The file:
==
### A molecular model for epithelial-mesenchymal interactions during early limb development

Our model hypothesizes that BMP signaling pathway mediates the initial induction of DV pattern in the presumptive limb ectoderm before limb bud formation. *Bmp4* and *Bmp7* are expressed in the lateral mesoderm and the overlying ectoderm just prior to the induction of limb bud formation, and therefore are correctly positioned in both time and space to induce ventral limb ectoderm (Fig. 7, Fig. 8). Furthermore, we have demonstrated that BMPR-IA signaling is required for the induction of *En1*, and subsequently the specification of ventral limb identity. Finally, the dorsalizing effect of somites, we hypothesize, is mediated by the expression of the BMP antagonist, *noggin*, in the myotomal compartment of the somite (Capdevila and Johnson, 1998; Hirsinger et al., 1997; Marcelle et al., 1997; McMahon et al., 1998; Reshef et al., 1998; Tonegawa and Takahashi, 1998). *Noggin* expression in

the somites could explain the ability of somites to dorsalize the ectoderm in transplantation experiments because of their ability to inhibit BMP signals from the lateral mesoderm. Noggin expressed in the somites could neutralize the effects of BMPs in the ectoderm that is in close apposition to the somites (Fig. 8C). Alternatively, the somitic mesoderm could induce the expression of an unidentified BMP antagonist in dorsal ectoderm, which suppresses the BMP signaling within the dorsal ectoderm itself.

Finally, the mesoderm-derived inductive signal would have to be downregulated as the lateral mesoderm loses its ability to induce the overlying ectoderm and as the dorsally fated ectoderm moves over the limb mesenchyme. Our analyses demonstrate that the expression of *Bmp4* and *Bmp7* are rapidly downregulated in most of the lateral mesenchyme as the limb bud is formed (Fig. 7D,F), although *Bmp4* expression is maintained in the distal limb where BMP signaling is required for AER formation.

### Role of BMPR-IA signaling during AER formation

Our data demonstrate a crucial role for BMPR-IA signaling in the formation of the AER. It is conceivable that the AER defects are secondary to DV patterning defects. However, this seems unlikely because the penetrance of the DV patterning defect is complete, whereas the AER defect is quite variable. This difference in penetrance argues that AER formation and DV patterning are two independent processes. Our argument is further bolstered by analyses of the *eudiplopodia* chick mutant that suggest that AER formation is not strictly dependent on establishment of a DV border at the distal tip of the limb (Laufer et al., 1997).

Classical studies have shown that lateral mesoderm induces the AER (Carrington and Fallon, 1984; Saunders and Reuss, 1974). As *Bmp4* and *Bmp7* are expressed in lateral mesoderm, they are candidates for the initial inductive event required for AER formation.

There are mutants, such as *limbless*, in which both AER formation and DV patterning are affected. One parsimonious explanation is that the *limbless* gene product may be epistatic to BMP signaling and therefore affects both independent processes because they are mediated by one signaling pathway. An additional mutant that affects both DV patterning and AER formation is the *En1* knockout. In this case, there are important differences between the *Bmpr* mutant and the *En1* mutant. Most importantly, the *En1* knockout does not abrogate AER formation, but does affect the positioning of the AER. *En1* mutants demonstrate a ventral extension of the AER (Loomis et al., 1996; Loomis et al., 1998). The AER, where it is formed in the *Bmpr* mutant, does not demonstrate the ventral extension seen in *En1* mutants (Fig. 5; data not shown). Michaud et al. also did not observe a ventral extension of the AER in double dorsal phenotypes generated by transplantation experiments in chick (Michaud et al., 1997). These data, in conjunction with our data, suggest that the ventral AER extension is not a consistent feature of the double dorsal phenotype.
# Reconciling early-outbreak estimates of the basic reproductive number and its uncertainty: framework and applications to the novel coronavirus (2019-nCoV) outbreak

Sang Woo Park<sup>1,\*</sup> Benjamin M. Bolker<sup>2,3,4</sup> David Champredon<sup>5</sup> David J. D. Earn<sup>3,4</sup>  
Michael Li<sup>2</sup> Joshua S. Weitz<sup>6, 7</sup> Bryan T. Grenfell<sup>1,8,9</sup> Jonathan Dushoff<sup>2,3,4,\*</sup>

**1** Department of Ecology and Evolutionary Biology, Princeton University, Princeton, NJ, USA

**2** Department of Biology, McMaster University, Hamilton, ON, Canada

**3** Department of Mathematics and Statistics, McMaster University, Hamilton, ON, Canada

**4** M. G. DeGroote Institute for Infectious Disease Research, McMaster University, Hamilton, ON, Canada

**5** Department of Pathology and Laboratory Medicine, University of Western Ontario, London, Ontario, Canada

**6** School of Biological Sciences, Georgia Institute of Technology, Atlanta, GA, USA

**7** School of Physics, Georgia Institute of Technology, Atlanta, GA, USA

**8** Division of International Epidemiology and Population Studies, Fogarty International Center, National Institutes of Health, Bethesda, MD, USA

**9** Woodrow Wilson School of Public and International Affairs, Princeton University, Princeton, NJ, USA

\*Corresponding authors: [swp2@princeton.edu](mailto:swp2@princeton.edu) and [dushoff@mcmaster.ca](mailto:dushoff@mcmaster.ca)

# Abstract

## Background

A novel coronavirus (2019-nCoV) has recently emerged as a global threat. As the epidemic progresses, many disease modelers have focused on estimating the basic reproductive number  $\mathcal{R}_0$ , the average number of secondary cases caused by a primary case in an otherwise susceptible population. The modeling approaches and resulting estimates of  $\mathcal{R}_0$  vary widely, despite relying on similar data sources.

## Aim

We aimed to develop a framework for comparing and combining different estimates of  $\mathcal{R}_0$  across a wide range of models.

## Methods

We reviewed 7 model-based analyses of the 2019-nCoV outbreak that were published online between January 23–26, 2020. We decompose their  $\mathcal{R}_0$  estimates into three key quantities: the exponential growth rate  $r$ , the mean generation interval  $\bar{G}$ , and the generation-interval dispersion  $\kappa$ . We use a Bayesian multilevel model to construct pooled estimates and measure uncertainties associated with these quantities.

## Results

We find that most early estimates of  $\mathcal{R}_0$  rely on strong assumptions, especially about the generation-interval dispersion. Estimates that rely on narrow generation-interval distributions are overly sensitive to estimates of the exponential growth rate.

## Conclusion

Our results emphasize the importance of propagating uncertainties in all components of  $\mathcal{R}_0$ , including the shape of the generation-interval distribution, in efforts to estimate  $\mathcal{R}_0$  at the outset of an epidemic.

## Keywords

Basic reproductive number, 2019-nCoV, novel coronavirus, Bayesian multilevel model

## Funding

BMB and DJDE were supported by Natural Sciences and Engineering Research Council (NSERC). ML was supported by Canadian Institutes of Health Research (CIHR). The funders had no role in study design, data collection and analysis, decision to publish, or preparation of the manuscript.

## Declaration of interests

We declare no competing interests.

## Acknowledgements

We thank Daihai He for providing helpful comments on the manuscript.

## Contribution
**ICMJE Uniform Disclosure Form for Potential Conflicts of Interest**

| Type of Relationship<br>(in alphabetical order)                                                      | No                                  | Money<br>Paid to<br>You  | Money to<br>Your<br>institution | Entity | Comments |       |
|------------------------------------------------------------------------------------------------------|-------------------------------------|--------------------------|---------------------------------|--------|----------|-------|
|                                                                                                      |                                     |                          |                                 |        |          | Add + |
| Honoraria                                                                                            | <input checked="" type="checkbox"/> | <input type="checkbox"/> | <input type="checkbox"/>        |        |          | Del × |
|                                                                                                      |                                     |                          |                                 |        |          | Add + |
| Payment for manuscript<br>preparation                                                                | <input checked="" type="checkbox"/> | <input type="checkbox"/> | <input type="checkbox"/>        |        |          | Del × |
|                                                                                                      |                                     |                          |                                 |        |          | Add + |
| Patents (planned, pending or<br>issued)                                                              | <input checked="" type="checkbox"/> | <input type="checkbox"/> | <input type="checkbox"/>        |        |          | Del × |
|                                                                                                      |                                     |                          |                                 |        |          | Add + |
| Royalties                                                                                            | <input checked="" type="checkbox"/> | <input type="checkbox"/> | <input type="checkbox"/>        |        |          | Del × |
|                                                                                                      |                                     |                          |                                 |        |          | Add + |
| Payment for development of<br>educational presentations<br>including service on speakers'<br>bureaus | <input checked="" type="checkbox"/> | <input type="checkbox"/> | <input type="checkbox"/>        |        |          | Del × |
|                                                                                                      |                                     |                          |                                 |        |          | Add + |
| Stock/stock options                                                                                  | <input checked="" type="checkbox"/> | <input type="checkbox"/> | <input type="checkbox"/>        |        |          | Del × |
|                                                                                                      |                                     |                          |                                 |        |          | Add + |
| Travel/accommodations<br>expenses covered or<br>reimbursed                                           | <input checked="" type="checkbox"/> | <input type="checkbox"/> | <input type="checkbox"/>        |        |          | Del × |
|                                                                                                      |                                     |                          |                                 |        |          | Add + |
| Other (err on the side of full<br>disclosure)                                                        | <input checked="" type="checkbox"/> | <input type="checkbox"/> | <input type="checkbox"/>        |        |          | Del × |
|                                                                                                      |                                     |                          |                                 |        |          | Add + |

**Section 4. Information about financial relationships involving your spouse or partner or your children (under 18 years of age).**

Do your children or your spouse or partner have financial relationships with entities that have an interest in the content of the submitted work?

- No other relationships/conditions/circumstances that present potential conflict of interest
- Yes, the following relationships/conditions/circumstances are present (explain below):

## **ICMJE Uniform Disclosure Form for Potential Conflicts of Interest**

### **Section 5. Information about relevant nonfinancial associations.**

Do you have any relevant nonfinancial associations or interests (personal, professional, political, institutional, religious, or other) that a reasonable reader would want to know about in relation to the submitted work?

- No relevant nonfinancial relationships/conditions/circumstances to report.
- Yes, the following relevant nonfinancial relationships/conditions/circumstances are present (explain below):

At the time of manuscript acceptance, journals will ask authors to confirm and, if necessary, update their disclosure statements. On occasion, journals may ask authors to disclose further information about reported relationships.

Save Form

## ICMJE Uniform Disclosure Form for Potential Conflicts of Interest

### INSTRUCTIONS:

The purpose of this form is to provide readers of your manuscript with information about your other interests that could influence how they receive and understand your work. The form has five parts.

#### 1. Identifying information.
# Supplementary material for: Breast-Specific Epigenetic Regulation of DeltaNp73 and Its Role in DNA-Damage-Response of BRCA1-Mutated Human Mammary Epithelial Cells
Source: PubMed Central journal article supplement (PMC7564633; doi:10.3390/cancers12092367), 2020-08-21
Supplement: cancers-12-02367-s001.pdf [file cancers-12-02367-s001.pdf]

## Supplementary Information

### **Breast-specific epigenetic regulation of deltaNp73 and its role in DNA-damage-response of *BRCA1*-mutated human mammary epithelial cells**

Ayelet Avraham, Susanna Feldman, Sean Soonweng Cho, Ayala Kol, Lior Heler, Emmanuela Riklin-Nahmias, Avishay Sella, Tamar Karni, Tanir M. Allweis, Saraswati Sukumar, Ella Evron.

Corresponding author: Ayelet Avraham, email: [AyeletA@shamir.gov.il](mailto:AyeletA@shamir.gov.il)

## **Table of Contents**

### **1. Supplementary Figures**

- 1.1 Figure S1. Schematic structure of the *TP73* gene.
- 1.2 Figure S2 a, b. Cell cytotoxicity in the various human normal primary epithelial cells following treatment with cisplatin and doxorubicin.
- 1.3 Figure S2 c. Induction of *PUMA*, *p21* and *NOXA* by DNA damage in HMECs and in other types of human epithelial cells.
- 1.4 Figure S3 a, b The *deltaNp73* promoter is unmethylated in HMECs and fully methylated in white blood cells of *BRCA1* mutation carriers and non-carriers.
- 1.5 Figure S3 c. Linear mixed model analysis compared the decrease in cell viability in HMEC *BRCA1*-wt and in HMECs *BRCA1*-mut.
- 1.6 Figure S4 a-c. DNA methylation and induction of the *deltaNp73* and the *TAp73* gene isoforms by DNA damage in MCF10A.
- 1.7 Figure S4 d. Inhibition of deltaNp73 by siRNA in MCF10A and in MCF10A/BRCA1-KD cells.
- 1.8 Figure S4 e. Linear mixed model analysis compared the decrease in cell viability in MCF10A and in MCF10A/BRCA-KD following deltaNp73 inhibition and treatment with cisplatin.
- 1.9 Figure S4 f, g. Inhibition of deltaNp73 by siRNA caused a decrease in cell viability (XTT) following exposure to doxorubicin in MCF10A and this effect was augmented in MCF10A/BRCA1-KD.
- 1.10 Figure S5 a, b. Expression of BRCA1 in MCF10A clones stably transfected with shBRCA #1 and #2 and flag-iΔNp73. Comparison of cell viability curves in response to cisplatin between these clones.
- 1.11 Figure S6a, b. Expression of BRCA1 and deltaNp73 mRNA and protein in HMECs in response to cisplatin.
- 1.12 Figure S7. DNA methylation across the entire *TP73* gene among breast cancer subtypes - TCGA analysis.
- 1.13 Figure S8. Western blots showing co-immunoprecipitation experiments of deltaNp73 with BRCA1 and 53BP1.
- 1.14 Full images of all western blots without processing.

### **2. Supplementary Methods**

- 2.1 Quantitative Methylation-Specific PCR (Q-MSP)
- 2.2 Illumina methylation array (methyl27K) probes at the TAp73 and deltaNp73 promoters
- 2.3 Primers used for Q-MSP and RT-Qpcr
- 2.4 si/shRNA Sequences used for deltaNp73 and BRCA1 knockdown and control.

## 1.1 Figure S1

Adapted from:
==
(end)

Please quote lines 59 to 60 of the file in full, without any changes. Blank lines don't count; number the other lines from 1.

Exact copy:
|                                                                                                      |                                     |                          |                                 |        |          | Add + |
| Other (err on the side of full<br>disclosure)                                                        | <input checked="" type="checkbox"/> | <input type="checkbox"/> | <input type="checkbox"/>        |        |          | Del × |